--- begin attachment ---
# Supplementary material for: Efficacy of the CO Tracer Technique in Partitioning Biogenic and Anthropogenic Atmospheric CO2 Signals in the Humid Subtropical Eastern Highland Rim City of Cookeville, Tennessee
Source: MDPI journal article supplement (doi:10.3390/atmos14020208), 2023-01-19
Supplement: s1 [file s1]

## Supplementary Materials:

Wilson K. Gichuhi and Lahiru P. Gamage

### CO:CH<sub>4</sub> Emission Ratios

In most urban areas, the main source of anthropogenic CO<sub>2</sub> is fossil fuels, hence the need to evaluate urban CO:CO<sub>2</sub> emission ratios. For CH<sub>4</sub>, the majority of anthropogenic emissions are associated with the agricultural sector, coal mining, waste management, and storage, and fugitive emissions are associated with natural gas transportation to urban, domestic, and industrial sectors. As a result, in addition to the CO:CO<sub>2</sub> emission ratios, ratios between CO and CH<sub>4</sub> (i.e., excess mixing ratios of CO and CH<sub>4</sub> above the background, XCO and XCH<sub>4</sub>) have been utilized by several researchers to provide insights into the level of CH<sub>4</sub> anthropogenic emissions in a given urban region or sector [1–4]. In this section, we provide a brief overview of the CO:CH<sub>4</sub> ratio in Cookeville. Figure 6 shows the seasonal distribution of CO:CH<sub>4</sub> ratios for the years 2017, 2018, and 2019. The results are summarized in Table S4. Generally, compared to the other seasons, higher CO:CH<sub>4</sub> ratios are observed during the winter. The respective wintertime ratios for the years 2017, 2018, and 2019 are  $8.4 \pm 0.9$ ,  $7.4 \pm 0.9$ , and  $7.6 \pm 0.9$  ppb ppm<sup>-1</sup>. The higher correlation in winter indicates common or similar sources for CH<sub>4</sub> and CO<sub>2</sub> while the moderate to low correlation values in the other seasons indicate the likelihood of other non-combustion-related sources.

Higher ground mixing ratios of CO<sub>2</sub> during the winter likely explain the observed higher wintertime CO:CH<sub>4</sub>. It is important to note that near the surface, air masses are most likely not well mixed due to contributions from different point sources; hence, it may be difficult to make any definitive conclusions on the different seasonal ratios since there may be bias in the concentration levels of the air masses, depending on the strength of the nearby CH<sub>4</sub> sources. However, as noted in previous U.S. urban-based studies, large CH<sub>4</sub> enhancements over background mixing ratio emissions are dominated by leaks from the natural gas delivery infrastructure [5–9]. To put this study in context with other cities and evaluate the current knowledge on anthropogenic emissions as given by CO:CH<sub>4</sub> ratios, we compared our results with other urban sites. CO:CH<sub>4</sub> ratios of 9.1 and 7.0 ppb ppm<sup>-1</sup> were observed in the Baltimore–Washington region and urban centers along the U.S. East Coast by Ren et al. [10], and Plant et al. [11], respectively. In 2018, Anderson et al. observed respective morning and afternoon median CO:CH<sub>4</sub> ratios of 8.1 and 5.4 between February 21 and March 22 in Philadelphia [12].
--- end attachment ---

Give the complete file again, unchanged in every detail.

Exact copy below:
# Supplementary material for: Efficacy of the CO Tracer Technique in Partitioning Biogenic and Anthropogenic Atmospheric CO2 Signals in the Humid Subtropical Eastern Highland Rim City of Cookeville, Tennessee
Source: MDPI journal article supplement (doi:10.3390/atmos14020208), 2023-01-19
Supplement: s1 [file s1]

## Supplementary Materials:

Wilson K. Gichuhi and Lahiru P. Gamage

### CO:CH<sub>4</sub> Emission Ratios

In most urban areas, the main source of anthropogenic CO<sub>2</sub> is fossil fuels, hence the need to evaluate urban CO:CO<sub>2</sub> emission ratios. For CH<sub>4</sub>, the majority of anthropogenic emissions are associated with the agricultural sector, coal mining, waste management, and storage, and fugitive emissions are associated with natural gas transportation to urban, domestic, and industrial sectors. As a result, in addition to the CO:CO<sub>2</sub> emission ratios, ratios between CO and CH<sub>4</sub> (i.e., excess mixing ratios of CO and CH<sub>4</sub> above the background, XCO and XCH<sub>4</sub>) have been utilized by several researchers to provide insights into the level of CH<sub>4</sub> anthropogenic emissions in a given urban region or sector [1–4]. In this section, we provide a brief overview of the CO:CH<sub>4</sub> ratio in Cookeville. Figure 6 shows the seasonal distribution of CO:CH<sub>4</sub> ratios for the years 2017, 2018, and 2019. The results are summarized in Table S4. Generally, compared to the other seasons, higher CO:CH<sub>4</sub> ratios are observed during the winter. The respective wintertime ratios for the years 2017, 2018, and 2019 are  $8.4 \pm 0.9$ ,  $7.4 \pm 0.9$ , and  $7.6 \pm 0.9$  ppb ppm<sup>-1</sup>. The higher correlation in winter indicates common or similar sources for CH<sub>4</sub> and CO<sub>2</sub> while the moderate to low correlation values in the other seasons indicate the likelihood of other non-combustion-related sources.

Higher ground mixing ratios of CO<sub>2</sub> during the winter likely explain the observed higher wintertime CO:CH<sub>4</sub>. It is important to note that near the surface, air masses are most likely not well mixed due to contributions from different point sources; hence, it may be difficult to make any definitive conclusions on the different seasonal ratios since there may be bias in the concentration levels of the air masses, depending on the strength of the nearby CH<sub>4</sub> sources. However, as noted in previous U.S. urban-based studies, large CH<sub>4</sub> enhancements over background mixing ratio emissions are dominated by leaks from the natural gas delivery infrastructure [5–9]. To put this study in context with other cities and evaluate the current knowledge on anthropogenic emissions as given by CO:CH<sub>4</sub> ratios, we compared our results with other urban sites. CO:CH<sub>4</sub> ratios of 9.1 and 7.0 ppb ppm<sup>-1</sup> were observed in the Baltimore–Washington region and urban centers along the U.S. East Coast by Ren et al. [10], and Plant et al. [11], respectively. In 2018, Anderson et al. observed respective morning and afternoon median CO:CH<sub>4</sub> ratios of 8.1 and 5.4 between February 21 and March 22 in Philadelphia [12].